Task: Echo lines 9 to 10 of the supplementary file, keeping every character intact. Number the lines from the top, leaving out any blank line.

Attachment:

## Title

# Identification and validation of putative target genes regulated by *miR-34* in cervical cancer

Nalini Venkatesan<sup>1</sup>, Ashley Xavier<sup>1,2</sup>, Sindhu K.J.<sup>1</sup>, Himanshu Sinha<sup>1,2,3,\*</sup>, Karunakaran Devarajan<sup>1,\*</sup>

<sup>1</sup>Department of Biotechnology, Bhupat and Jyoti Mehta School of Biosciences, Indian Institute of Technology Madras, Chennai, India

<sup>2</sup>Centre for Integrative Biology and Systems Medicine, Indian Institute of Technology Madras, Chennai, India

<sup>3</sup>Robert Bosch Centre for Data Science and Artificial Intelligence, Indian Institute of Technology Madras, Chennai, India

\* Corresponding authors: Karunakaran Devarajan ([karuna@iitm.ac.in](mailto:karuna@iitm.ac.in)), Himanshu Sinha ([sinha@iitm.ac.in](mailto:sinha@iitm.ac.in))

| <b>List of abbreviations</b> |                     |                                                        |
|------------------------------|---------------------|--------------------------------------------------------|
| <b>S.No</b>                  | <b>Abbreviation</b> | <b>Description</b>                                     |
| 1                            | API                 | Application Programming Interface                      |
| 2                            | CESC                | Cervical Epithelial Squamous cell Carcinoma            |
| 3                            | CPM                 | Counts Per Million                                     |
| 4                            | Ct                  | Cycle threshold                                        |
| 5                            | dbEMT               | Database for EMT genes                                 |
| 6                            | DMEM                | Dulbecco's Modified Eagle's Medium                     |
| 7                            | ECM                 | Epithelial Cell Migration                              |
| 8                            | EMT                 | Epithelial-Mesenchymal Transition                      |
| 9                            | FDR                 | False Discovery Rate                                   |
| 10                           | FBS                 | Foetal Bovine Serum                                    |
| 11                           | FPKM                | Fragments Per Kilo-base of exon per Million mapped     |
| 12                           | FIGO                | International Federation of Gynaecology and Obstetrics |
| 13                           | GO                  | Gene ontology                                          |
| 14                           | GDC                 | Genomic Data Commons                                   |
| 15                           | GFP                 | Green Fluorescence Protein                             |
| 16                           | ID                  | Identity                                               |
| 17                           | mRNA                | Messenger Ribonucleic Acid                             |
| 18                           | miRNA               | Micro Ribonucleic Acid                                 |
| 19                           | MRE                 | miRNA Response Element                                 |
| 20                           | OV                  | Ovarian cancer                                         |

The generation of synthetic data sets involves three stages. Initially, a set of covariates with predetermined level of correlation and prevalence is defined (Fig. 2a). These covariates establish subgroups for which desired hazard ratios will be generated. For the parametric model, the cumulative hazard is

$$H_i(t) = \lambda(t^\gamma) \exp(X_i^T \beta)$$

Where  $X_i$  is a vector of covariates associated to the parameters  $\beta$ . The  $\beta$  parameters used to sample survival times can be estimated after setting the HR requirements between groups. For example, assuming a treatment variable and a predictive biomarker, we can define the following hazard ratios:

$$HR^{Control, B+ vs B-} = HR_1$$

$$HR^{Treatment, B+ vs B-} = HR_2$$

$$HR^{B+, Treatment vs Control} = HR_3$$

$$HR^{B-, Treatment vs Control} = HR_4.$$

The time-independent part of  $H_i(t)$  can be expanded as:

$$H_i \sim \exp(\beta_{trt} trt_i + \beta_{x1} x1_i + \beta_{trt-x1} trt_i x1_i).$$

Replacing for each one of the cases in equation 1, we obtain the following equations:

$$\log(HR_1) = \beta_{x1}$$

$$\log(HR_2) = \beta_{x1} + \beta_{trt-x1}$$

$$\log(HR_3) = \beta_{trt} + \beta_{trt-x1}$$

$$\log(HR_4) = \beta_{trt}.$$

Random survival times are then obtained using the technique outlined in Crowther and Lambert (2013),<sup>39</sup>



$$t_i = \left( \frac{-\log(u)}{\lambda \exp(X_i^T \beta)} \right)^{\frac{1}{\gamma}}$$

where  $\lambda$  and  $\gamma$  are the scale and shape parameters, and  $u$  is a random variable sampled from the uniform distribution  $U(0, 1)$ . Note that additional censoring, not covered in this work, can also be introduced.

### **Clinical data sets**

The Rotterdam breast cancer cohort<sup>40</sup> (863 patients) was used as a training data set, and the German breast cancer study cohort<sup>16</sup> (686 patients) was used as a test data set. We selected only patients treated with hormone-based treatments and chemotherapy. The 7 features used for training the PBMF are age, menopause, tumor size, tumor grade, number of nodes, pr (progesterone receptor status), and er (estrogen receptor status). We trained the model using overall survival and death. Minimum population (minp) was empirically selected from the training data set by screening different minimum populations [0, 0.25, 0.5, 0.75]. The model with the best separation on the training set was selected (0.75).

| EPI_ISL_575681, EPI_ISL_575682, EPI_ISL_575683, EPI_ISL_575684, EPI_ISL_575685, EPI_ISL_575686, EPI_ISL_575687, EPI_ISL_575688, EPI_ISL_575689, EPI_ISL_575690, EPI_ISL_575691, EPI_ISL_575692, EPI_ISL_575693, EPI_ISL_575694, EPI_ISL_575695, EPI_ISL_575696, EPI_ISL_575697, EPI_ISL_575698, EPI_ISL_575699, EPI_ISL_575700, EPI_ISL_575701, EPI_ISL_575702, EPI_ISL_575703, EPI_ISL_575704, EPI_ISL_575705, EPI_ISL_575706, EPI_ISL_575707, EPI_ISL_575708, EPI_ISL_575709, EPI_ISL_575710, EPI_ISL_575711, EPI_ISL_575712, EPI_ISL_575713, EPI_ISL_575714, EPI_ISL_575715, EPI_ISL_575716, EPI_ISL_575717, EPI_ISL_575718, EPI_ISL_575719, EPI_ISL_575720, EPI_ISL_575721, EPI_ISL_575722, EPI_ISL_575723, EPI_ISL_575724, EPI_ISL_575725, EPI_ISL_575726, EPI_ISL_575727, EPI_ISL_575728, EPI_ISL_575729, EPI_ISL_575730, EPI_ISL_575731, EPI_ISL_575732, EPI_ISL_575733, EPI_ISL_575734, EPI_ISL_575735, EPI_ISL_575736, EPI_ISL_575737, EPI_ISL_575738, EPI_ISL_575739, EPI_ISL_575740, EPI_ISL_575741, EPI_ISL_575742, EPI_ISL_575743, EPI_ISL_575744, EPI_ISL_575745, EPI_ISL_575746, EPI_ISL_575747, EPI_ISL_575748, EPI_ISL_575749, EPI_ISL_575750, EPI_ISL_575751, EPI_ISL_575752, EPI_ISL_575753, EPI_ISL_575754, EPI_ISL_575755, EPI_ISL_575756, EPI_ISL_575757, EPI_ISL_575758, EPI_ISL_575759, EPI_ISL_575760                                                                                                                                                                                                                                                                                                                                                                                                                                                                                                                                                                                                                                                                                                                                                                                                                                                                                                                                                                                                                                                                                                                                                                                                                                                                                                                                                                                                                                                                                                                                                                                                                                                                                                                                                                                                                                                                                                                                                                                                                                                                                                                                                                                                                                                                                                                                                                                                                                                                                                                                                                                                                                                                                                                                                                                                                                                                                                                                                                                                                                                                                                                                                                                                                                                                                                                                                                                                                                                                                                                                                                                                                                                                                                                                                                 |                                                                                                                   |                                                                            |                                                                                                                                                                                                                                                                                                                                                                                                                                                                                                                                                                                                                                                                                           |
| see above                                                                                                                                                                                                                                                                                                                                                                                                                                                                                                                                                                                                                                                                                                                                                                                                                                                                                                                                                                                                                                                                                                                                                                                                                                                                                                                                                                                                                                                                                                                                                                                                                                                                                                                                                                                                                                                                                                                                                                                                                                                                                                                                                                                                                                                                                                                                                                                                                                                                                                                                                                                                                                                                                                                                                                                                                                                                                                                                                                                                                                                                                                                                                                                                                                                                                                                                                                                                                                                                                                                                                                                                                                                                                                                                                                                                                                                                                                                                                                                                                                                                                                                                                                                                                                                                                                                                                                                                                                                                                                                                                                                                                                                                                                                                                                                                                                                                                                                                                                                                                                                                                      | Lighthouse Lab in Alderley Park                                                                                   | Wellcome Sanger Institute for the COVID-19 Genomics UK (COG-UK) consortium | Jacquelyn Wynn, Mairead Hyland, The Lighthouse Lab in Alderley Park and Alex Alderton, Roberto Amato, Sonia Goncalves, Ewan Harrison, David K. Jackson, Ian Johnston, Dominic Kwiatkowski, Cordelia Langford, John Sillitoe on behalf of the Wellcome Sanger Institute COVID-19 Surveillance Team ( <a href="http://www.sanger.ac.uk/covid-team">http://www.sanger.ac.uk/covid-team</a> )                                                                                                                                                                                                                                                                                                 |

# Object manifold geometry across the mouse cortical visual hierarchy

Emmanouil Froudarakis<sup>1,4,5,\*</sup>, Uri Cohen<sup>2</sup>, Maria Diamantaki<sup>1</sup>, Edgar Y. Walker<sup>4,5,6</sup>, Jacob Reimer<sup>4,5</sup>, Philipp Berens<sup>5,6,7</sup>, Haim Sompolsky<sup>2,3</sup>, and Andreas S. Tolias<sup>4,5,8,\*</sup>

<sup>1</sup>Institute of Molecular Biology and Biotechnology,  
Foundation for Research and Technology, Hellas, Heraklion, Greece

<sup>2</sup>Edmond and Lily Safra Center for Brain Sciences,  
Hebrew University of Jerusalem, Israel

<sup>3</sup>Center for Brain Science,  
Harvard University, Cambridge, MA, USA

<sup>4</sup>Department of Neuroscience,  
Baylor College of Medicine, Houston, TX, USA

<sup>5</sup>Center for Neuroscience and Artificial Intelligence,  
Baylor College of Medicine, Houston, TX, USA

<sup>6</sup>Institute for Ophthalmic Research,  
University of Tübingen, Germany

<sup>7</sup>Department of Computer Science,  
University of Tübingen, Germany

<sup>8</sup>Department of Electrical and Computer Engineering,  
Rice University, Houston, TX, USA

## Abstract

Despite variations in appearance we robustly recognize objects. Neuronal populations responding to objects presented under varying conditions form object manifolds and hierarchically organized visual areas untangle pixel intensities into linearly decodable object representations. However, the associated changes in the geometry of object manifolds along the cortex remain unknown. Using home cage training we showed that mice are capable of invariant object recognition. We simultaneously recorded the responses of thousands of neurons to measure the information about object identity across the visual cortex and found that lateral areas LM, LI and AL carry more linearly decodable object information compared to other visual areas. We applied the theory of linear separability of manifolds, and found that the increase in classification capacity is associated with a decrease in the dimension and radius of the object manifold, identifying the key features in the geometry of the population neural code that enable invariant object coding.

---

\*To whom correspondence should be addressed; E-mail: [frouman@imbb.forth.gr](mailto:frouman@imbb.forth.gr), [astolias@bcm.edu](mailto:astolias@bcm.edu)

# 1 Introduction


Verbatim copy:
|------------------------------|---------------------|--------------------------------------------------------|
| <b>S.No</b>                  | <b>Abbreviation</b> | <b>Description</b>                                     |